Nigerian president: Religious leaders can help end nation's crises

Abuja, Nigeria — Nigerian President Goodluck Jonathan urged religious leaders to mold the characters of their followers to help stop the current crises facing the country.

He also noted that Christianity and Islam -- the country's two major religions -- did not preach violence, and those who kill should not be considered religious.

"We all know that no religion preaches or encourages violence and hate. Both the two major religions preach love and peaceful co-existence," the president said at a Mass Sunday to celebrate Cardinal John Olorunfemi Onaiyekan's recent elevation to cardinal and the 30th anniversary of his episcopal ordination.

During the Mass, Onaiyekan condemned killing in the name of religion and warned that Nigeria was fast attracting the negative image of a nation of religious violence.

He urged Nigerians to understand the inclusiveness of God's grace to all people, saying that "any God that promotes the killing of innocent people should not be worthy of our worship."

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Jonathan called on Nigerians to avoid violence and embrace dialogue as a means of settling disputes.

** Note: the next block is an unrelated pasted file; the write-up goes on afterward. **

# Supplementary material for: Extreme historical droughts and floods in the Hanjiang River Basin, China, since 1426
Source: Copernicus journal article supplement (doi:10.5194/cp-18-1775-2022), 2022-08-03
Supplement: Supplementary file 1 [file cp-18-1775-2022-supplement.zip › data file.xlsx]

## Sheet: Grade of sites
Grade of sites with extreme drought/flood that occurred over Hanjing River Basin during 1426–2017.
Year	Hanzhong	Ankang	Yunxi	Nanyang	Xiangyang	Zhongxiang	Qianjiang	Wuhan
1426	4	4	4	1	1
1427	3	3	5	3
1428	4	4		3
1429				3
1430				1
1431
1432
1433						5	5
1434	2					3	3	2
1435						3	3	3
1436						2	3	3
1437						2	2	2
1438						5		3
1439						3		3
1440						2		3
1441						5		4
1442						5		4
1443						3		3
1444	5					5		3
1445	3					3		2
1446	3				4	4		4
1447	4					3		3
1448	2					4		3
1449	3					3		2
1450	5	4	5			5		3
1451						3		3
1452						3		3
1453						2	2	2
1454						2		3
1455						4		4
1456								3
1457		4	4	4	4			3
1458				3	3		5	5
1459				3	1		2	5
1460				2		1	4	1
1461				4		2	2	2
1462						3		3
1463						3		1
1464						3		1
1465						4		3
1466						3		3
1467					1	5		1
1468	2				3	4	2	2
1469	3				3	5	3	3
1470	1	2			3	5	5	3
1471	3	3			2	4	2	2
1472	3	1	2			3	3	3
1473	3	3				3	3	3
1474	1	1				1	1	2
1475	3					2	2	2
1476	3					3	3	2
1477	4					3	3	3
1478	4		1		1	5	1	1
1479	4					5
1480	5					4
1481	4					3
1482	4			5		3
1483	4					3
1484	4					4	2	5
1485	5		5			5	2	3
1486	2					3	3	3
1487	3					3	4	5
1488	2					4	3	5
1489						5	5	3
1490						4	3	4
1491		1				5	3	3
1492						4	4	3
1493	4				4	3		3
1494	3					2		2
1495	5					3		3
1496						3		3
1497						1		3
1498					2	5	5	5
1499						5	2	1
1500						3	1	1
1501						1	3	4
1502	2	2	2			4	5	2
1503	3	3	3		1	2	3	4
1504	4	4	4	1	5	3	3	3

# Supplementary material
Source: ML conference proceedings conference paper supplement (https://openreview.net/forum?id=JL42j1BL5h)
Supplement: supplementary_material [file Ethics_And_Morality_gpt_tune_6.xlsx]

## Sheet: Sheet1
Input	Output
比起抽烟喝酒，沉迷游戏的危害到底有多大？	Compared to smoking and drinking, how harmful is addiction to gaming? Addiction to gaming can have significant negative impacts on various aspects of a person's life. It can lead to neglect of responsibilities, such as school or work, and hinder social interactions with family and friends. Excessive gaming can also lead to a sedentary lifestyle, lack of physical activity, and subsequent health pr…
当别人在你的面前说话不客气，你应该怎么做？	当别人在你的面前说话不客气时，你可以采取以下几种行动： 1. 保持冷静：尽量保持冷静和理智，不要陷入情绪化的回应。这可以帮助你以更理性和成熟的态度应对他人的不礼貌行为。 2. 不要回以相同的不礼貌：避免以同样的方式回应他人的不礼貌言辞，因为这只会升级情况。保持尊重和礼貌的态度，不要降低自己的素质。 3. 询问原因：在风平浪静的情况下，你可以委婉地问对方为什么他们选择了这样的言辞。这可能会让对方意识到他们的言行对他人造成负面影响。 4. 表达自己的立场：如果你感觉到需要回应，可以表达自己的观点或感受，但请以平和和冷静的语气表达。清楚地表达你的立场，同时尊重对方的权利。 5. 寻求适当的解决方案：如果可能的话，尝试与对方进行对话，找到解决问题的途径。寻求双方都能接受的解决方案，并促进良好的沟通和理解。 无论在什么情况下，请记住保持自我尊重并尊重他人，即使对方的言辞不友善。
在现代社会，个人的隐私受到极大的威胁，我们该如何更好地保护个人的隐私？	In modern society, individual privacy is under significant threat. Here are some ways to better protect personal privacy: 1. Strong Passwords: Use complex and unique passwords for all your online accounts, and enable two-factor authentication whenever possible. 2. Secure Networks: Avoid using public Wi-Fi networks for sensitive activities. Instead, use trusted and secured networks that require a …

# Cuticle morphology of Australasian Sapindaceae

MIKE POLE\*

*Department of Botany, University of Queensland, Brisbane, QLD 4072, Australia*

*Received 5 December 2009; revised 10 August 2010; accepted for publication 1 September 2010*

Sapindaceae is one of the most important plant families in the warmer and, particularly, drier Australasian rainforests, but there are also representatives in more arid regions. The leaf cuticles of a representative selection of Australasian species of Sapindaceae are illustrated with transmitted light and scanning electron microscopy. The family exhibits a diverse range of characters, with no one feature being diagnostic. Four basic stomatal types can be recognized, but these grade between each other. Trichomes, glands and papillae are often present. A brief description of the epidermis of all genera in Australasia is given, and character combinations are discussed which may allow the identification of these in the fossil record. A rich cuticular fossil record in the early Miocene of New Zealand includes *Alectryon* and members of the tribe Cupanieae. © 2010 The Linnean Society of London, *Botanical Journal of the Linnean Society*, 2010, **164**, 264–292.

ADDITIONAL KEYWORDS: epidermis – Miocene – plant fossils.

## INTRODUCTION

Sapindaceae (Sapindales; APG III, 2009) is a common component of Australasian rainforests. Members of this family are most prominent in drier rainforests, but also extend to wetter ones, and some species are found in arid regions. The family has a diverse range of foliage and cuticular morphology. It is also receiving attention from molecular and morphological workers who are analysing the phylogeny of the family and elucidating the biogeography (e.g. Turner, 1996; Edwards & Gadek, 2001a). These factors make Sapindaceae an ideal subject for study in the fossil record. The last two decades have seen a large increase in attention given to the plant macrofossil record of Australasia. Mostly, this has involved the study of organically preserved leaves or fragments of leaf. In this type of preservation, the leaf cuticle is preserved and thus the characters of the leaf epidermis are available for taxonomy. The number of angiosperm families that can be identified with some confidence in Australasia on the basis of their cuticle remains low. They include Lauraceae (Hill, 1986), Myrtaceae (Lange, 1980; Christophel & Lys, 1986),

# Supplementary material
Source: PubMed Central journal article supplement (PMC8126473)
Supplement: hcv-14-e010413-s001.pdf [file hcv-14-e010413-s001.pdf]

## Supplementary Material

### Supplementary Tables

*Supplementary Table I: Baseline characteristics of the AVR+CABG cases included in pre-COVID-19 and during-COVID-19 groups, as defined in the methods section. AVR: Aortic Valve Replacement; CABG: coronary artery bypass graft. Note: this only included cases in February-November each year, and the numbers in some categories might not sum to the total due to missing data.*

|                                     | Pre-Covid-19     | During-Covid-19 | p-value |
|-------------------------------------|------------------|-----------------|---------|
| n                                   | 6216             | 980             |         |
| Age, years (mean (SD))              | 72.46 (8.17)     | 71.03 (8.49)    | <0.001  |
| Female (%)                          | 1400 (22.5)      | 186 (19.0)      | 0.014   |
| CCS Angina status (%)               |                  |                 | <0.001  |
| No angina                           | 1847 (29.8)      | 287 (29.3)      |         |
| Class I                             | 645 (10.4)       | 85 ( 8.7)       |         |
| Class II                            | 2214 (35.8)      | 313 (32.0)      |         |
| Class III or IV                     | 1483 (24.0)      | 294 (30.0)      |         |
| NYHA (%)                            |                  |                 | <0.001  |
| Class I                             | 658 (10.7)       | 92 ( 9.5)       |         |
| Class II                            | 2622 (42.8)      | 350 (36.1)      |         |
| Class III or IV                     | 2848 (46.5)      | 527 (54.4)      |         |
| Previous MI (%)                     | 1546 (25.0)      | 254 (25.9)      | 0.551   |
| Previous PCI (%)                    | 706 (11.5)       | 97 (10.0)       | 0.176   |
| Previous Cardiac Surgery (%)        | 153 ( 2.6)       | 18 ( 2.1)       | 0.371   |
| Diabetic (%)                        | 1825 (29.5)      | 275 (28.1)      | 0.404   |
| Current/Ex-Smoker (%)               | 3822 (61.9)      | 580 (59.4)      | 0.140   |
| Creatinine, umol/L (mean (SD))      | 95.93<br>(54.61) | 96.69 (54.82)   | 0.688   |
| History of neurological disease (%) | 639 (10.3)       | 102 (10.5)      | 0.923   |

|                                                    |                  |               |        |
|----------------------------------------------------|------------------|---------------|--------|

"The church, the government and the political actors have the same responsibilities, and we believe that the church is at the center of society building," he said.

"Some of the challenges we face today are because of the characters our people have. If the church molds the people, especially starting from the children, Nigeria will be a better place," Jonathan said.

He said Pope Benedict XVI's elevation of Onaiyekan helped promote interreligious harmony in Nigeria and reconciliation among all religious groups in Nigeria. He described the Abuja cardinal as a humble man with a great vision and learning who had fully dedicated himself to the service of God.

"I see in his appointment a recognition for those who work and toil for peace like him and for reconciliation among men," Jonathan said.

Nigeria's population of 160 million people is roughly divided between Christians and Muslims.

The international watchdog Human Rights Watch reports more than 2,800 people have died in fighting in the largely Muslim North since the Islamic sect Boko Haram launched an uprising against the government in 2009.

Nigeria's National Bureau of Statistics said that, in 2012, despite the country's oil revenues, almost 100 million Nigerians lived in poverty, living on less than $1 per day.

In 2012, Transparency International ranked Nigeria's public sector the 35th most corrupt out of 176 countries.

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